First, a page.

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IICN 2015 Registrars’ Prize meeting

The 2015 Irish Institute of Clinical Neuroscience (IICN) Registrars’ Prize took place on 13 November.  The presentations took place in the magnificent setting of the Merrion Room in the RDS, Dublin, and the meeting was very generously supported by Biogen Idec Ireland. Registrars and consultants from the fields of clinical neurology, neurosurgery, neurophysiology  and neuropathology were in attendance.  A total of 19 registrars contested the Interesting Case competition and eight registrars fought it out in the original research category in the afternoon. Participants were drawn from Belfast, Cork, Galway, Waterford, and Dublin. The sessions were chaired by Dr Allan McCarthy and Dr John McHugh.

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Dr Siew-Mei Yap; Dr Ronan McGinty; and Dr Eamonn Shaikh

The standard of the competition was extraordinarily high and independent judges in each section had the unenviably difficult task of choosing the winners.

In the Interesting Case competition, the winner was Dr Eimear Maloney of St Vincent’s University Hospital, Dublin. Second place was awarded jointly to Dr Karen Doherty of the Royal Victoria Hospital, Belfast, and to Dr Eavan McGovern of St Vincent’s University Hospital, Dublin.

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Dr John McHugh

Dr McGovern was also the overall winner of the Original Research Prize for her presentation on age-related sexual dimorphisms in temporal discrimination in adult-onset torsion dystonia.

The outstanding contributions of all participants was remarked upon by all who were in attendance. The meeting serves as an important and welcome reminder of the talent and the endeavour that exists among trainees in clinical neurosciences in Ireland. It underlines the importance also of the mentors and trainers who grow, facilitate and over-see research and clinical academia across the island.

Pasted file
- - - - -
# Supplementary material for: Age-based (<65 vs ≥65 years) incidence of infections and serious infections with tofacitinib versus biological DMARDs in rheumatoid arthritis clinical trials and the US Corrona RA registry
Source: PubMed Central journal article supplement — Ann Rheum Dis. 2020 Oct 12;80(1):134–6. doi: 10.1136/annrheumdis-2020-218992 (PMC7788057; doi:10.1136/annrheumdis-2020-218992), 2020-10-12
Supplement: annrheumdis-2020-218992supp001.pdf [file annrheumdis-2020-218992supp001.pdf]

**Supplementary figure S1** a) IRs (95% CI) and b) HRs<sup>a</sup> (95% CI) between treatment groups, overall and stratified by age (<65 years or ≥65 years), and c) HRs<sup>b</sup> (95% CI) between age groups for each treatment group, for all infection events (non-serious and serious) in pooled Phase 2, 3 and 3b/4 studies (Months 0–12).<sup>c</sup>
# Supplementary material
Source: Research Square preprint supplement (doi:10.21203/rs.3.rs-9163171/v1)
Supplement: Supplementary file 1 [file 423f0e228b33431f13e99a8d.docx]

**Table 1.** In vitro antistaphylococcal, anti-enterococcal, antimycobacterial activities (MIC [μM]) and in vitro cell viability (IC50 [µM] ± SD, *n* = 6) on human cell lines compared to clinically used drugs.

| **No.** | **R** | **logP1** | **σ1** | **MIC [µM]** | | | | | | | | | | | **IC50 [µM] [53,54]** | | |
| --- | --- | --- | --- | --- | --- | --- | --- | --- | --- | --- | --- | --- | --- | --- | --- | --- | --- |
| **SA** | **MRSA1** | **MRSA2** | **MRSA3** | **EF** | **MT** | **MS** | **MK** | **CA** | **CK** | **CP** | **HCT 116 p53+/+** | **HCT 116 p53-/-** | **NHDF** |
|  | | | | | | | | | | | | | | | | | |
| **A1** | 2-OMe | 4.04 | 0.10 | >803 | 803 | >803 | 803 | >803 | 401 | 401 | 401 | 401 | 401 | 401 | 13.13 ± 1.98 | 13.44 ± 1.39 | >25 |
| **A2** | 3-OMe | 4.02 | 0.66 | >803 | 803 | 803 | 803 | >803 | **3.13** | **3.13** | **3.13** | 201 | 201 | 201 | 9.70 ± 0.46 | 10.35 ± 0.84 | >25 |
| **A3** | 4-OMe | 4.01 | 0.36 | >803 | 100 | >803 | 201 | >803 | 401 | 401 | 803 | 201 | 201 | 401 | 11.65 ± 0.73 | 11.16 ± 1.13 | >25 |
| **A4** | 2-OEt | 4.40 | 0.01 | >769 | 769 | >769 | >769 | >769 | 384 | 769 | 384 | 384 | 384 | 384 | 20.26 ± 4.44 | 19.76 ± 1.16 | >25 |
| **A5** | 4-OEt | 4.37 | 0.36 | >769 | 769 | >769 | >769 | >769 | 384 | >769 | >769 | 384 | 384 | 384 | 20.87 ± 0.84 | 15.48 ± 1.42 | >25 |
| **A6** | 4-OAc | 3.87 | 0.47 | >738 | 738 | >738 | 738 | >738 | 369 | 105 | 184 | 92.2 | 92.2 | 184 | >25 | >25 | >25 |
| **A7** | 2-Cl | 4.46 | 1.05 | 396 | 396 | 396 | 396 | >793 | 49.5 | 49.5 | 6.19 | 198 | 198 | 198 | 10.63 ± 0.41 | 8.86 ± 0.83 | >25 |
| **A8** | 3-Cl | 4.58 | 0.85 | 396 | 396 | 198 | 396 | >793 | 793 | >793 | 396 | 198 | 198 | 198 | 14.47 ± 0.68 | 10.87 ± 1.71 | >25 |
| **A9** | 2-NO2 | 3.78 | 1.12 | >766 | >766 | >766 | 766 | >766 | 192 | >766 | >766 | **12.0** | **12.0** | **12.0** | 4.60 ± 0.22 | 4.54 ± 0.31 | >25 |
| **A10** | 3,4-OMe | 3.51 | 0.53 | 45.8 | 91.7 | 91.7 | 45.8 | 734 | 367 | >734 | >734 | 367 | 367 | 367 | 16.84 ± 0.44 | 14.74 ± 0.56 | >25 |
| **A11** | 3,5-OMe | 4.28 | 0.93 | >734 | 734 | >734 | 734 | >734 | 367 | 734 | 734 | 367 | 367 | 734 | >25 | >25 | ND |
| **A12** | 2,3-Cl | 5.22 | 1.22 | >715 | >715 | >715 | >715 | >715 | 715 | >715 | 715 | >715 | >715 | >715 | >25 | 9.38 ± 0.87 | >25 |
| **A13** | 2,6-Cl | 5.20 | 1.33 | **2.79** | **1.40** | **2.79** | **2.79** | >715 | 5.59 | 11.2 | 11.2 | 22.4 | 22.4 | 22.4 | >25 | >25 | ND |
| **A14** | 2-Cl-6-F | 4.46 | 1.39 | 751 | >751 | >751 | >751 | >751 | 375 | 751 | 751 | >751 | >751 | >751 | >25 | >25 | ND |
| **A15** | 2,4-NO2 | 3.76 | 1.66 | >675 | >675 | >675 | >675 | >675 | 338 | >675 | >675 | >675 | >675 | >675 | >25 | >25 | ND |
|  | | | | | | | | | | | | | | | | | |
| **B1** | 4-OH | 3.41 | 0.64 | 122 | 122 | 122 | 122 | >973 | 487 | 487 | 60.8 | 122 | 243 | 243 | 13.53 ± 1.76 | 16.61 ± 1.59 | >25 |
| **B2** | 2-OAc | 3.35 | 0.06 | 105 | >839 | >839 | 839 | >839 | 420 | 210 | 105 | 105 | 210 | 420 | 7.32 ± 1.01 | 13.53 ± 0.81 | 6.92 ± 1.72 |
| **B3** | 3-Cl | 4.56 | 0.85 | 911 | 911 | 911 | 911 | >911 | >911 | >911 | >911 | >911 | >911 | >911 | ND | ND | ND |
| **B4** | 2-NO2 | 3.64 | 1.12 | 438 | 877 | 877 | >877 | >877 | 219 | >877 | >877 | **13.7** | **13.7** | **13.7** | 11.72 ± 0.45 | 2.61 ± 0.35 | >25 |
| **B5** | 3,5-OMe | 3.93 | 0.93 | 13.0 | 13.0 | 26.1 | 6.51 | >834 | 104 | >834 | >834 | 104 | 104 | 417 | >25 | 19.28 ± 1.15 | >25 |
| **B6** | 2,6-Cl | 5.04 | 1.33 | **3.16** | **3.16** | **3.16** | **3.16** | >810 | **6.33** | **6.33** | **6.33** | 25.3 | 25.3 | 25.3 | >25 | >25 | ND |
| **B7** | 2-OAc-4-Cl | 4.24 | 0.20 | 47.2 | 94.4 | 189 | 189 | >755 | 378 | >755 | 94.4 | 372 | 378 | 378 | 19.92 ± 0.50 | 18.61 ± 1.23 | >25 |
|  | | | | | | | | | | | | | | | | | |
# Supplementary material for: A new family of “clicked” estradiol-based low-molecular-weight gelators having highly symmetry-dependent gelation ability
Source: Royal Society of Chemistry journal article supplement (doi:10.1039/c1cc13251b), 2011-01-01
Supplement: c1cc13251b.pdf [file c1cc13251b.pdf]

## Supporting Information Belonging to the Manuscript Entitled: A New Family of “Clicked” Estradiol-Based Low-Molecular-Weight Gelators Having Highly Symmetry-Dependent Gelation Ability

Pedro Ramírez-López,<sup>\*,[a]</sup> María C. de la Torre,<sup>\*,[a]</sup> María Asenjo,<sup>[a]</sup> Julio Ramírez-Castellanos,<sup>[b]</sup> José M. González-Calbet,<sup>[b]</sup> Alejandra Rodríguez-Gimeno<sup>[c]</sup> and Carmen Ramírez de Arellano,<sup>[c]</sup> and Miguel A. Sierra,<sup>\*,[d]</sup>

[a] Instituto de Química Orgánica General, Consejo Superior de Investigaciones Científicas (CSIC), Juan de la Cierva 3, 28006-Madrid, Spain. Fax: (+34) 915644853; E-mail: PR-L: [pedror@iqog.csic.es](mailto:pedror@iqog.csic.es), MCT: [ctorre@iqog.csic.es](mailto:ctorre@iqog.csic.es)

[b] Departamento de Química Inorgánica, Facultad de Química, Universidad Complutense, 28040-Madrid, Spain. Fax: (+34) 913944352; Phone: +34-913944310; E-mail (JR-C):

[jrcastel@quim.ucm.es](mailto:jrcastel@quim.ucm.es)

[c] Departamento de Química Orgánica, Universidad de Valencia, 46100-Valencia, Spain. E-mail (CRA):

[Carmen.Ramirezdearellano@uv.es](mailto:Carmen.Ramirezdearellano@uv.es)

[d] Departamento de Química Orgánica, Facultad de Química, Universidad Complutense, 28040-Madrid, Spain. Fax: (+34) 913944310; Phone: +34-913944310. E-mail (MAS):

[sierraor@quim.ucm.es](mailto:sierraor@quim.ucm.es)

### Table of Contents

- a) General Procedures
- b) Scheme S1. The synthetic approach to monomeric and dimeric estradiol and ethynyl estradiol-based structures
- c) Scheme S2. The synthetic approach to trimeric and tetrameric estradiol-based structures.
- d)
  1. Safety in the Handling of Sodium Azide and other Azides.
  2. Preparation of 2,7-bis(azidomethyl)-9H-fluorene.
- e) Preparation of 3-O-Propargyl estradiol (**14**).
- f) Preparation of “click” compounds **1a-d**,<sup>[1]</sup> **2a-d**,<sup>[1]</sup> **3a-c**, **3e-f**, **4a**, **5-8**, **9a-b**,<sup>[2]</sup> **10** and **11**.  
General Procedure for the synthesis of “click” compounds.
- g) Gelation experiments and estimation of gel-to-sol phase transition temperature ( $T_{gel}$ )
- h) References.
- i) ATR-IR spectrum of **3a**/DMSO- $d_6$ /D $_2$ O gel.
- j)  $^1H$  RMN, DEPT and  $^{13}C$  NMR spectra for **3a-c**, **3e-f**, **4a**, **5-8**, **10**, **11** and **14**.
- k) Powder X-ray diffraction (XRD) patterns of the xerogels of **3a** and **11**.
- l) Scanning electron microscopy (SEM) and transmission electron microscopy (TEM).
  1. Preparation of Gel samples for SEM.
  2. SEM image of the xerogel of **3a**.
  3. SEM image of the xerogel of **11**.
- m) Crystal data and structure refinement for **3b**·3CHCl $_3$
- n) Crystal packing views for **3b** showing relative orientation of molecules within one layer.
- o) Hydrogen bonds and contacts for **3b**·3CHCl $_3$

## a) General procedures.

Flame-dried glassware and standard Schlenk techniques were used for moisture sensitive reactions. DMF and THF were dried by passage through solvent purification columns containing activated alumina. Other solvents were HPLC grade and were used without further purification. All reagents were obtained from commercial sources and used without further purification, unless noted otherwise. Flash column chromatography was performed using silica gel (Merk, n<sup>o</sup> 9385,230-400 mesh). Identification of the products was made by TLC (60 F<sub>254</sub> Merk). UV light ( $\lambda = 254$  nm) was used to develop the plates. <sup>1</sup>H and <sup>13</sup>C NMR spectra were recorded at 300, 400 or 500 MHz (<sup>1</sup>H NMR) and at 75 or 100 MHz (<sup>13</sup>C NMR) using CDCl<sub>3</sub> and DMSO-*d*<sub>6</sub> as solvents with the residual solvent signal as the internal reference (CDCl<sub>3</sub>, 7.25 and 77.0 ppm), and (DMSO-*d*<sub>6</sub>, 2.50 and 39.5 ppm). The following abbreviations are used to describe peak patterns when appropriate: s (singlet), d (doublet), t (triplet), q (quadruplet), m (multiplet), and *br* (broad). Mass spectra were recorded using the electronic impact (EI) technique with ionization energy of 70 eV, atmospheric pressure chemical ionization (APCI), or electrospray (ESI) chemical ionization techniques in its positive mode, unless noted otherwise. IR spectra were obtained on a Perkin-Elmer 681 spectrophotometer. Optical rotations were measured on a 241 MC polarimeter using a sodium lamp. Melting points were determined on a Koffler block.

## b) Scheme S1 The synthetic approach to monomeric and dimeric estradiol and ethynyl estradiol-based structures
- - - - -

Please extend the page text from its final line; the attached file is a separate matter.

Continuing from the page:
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Endeavour

It is no coincidence that contestants and prize-winners from the IICN Registrars’ Prize have gone on to win accolades in international meetings based on their work in Ireland.

The majority of presenters go on to publish their work in peer-reviewed international journals; this endeavour elevates the standards within the group and makes the Registrars’ Prize a meeting of international quality.

Now more than ever, it is important that the consultant body needs to continue to work and fight to preserve this competition. Whilst the calibre of Irish trainees is reassuringly high, their opportunities for international-quality research within Ireland depend upon the availability of dedicated funding for their work.

Furthermore, the colleges need to collaborate with consultant trainers to pave a secure route that encourages and allows registrars to pursue research within their clinical training. Such measures are needed to secure the onward development of academic clinical neuroscience in Ireland.

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